By Chris King •
Updated: 03 Oct 2023 • 14:45
Image of a toll booth on the AP-7 in Girona.
Credit: Philip Lange/Shutterstock.com
THE European Commission approved the addendum to Spain’s recovery plan this Monday, October 2.
With this extension of the original plan, Spain will subsequently be able to access an additional €93.5 billion in European funds, 90 per cent of which will be in the form of loans with favourable conditions.
In exchange, the Spanish government pledged to undertake 18 new reforms and agreed to 52 modifications to the plan. This included a very significant change in the country’s commitment to introduce tolls on Spanish motorways.
As a result, Spanish drivers will not have to pay to use the motorways from next year, as was established in the original plan that was approved in 2021.
The preliminary approval of the addendum, which must be ratified by the EU Council within a maximum period of four weeks, marks the start of the second phase of the recovery plan.
Within the plan, Spain will be able to access €83.2 billion in loans under advantageous conditions. The country will be allowed 30 years in which to pay it back, with the first 10 years only requiring interest payments.
Another €7.7 billion in non-refundable aid and a further 2.6 billion will be released to finance the REPowerEU plan, with which Brussels aims to accelerate the energy disconnection from Russia.
This additional €93.5 billion is in addition to the €69.5 billion in non-refundable transfers already released in the first phase that began in 2021, bringing the total to €163 billion.
Of this total, Spain has so far received €37 billion in three disbursements, or 23 per cent of all funds available until 2026.
The addendum to the plan introduced 18 new reforms and introduced amendments affecting up to 52 measures in total. The new reforms were already known.
Many of them build on legislation that had already been approved but whose parliamentary procedure was interrupted by the elections.
Others however develop general plans and strategies on issues such as desertification, artificial intelligence, and water management.
The modification included in the recovery plan is developed through 52 amendments based on ‘objective circumstances’ that justify the changes, most of which seek to extend the deadlines.
These circumstances include disruptions in supply chains, high inflation, lack of demand for some measures or the emergence of unforeseen legal and administrative difficulties.
Moreover, the amendments do not affect key reforms such as pensions and taxation, as the government had already pointed out when it presented the draft addendum last June.
The European Commission pointed out that in the addendum: ‘Spain does not eliminate or significantly reduce any investments or reforms, but adds additional investments and reforms’.
It added: ‘We understand that almost all member states will have to adjust their plan because priorities are changing, it is not something that worries us. Spain is not an isolated case’, according to EU sources consulted by 20minutos.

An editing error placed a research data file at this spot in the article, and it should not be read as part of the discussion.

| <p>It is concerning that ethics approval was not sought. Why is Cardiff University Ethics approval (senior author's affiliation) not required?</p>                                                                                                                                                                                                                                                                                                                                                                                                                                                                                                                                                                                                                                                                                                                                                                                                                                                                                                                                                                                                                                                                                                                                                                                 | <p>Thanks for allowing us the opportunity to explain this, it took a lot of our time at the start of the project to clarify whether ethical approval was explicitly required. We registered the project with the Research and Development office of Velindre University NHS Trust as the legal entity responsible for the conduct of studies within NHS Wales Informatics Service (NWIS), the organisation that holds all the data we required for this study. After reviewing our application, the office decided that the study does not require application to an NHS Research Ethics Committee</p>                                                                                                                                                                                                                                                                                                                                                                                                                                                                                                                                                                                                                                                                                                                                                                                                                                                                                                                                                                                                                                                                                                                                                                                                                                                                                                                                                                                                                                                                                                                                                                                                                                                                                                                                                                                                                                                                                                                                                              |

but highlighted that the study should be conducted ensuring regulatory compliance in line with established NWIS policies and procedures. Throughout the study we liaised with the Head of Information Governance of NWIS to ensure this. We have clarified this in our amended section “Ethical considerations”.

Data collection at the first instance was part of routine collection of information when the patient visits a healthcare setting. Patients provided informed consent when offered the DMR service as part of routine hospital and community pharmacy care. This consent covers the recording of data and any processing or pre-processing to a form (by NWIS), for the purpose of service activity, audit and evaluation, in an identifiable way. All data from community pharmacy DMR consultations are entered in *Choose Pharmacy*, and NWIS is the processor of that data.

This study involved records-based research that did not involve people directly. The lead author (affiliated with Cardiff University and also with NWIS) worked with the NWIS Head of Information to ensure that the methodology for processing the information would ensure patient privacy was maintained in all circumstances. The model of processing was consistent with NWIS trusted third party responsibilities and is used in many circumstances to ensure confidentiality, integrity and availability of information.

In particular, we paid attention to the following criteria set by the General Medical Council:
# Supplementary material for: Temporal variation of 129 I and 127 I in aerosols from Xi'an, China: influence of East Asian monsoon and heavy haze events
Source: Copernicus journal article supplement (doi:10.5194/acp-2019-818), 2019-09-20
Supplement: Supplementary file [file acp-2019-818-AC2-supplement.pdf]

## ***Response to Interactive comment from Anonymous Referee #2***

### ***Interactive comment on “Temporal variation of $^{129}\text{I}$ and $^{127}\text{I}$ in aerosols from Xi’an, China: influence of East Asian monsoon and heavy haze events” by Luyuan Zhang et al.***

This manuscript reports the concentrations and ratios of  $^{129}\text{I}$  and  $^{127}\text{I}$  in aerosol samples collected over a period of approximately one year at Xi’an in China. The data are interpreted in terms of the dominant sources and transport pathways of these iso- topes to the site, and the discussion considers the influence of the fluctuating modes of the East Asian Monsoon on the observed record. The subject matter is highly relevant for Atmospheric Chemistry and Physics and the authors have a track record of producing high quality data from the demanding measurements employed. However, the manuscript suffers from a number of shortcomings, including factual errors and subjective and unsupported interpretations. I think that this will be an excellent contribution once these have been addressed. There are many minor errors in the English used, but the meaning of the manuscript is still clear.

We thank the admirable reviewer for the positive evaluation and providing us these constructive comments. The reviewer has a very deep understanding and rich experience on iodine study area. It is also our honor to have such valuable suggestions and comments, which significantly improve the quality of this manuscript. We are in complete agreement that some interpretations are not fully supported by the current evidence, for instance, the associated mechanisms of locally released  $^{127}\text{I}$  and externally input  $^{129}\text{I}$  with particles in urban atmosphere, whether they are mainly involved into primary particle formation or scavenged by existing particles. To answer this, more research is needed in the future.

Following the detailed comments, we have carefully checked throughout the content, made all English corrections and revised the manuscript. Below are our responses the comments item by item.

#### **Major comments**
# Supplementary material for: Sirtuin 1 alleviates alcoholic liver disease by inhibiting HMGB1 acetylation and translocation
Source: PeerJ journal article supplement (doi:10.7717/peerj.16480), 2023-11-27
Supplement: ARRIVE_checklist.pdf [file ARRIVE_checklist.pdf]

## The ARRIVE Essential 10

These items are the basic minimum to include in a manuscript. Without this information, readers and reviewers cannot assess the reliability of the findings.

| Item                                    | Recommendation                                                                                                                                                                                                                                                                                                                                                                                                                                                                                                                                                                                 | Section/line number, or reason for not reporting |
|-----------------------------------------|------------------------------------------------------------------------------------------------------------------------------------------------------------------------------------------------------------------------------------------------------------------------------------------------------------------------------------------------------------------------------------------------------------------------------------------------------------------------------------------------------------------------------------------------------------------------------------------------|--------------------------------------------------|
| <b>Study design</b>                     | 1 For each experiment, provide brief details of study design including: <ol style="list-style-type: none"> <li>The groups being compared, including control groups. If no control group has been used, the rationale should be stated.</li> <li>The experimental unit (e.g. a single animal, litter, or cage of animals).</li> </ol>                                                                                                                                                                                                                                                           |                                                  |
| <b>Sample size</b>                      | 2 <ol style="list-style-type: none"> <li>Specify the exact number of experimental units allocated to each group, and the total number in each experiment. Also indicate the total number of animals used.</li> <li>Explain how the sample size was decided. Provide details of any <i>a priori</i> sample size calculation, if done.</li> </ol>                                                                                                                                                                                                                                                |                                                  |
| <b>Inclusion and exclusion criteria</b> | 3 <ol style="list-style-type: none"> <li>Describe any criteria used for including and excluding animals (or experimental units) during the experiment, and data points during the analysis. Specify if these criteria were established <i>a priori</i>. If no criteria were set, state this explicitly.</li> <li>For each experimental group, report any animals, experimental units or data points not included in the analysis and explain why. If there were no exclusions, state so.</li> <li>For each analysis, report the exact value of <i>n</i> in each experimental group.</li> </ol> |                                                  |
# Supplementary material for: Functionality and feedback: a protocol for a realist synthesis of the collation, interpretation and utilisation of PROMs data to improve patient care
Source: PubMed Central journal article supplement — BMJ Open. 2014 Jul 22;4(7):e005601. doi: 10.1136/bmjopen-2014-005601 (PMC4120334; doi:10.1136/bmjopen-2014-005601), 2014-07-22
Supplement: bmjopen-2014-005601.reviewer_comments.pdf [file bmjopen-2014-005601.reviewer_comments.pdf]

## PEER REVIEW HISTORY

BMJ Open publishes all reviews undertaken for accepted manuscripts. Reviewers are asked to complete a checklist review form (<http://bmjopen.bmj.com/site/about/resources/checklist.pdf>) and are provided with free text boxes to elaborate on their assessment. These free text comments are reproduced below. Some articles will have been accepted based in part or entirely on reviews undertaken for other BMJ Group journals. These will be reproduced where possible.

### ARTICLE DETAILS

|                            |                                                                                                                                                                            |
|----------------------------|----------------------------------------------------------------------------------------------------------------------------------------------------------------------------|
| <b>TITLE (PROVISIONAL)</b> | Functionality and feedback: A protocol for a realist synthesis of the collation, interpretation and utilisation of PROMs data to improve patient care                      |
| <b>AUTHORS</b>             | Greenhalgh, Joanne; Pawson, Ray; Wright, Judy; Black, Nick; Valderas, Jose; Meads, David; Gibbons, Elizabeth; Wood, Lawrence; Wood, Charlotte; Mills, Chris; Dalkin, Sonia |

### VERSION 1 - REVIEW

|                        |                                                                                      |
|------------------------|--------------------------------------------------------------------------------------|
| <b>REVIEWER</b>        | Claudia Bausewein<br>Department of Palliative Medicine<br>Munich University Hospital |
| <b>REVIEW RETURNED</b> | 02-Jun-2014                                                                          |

After receiving the go-ahead from the European Commission, the modification of the Spanish recovery plan must now be approved by the EU Council, which can take up to four weeks.
If the Council gives the green light, Spain will be able to access a further €1.4 billion in pre-financing for the EUPowerEU. The current government will also be able to request the fourth disbursement of the funds as of Monday, which the Ministry of Economic Affairs expects to happen soon.
In its first component, the original recovery plan approved in 2021 included a commitment to approve a Mobility and Transport Financing Law.
This included: ‘a system of payment for the use of the high-capacity road network’ to cover maintenance costs and negative environmental externalities with a view to implementing it in 2024.
At the request of the Spanish government, that commitment now disappears because it was made before energy prices soared after the Russian invasion of Ukraine. Its implementation had been called into question after sharp increases in road transport costs.
The Commission was aware of the difficulties of implementing this measure in the current context and agreed to replace it with a commitment to promote rail freight. This approach is in line with the recommendations that Brussels made to Spain last May.
Today’s decision by Brussels to accept the abolition of the tolls was heavily influenced by the fact that the EU will also start charging road transport for CO2 emissions from 2027.
From that date, the sector will have to buy CO2 emission allowances in order to be able to pollute, as is already the case for energy-intensive industries, commercial aviation, and electricity and heat generation companies.
Regarding the removal of tolls from the text, the Commission noted that the ambition of the Spanish plan remained unchanged.
It pointed out that the new proposal: ‘contributes to the reduction of greenhouse gas emissions from road transport while addressing country-specific recommendations’.
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Originally from Wales, Chris spent years on the Costa del Sol before moving to the Algarve where he is a web reporter for The Euro Weekly News covering international and Spanish national news.
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